OpenJurist

240 F2d 837 Kroger Company v. Andrews

240 F.2d 837

the KROGER COMPANY, Appellant,
v.
Ralph ANDREWS, Appellee.

No. 12882.

United States Court of Appeals Sixth Circuit.

Feb. 16, 1957.

John P. O'Hara, Jr., Detroit, Mich., for appellant.

Peter F. Cicinelli, Saginaw, Mich., for appellee.

Appeal from the United States District Court for the Eastern District of Michigan.

Before MARTIN, MILLER and STEWART, Circuit Judges.

PER CURIAM.

1

This appeal from a judgment on the verdict of a jury awarding appellee damages in the amount of $5,000 for assault and battery has been heard and considered on the briefs and arguments of attorneys and on the record in the case.

2

The case has presented an interesting and somewhat close question under the applicable law-- that of the State of Michigan-- as to whether the manager of appellant's store was or was not acting within the scope of his authority when he assaulted the plaintiff-appellee, and whether or not the district court should have directed a verdict for the appellant (defendant in the trial court).

3

While the early Michigan cases, which have not yet expressly been overruled, would present grave doubt as to whether the motion for directed verdict should have been granted, Ducre v. Sparrow-Kroll Lumber Co., 1911, 168 Mich. 49, 133 N.W. 938, 47 L.R.A.N.S., 959; Martin v. Jones, 1942, 302 Mich. 355, 4 N.W.2d 686; Vinson v. Thomas, 1947, 318 Mich. 175, 27 N.W.2d 523, a more recent case decided by the Supreme Court of Michigan, Stewart v. Napuche, 1952, 334 Mich. 76, 53 N.W.2d 676, supports the action of the district judge in declining to direct a verdict for the defendant. In that case, it was held that a master who puts his servant in a position of trust or responsibility, or commits to him the management of his business or the care of his business, is justly held responsible when the servant, through lack of judgment or discretion or when angered or emotionally aroused by the circumstances and occasion, goes beyond the strict line of his duty or authority and inflicts unjustifiable injury upon another.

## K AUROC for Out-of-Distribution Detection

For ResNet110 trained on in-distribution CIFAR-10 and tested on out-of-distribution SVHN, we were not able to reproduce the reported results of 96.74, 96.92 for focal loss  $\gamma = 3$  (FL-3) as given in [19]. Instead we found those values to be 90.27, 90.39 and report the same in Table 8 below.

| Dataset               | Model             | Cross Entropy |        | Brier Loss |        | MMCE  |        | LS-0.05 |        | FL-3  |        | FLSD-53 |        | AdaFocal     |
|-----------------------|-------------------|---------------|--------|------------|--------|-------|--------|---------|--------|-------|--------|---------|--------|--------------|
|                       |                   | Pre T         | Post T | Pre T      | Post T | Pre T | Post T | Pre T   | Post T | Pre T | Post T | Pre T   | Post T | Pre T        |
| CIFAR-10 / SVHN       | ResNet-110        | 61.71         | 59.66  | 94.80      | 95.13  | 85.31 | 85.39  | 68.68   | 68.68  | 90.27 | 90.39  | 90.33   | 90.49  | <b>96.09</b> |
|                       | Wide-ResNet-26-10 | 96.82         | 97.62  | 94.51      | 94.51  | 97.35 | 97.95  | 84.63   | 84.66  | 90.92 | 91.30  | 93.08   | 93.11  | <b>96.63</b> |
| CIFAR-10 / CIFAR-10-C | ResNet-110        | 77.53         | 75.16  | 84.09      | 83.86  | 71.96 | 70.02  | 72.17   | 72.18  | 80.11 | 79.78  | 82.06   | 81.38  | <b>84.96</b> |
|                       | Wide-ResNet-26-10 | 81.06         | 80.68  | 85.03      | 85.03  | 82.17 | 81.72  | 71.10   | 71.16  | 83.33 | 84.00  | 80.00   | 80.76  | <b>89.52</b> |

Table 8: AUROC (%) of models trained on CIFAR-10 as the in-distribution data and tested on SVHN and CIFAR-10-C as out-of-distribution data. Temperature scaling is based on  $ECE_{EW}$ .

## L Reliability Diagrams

4

The judgment of the district court is affimred.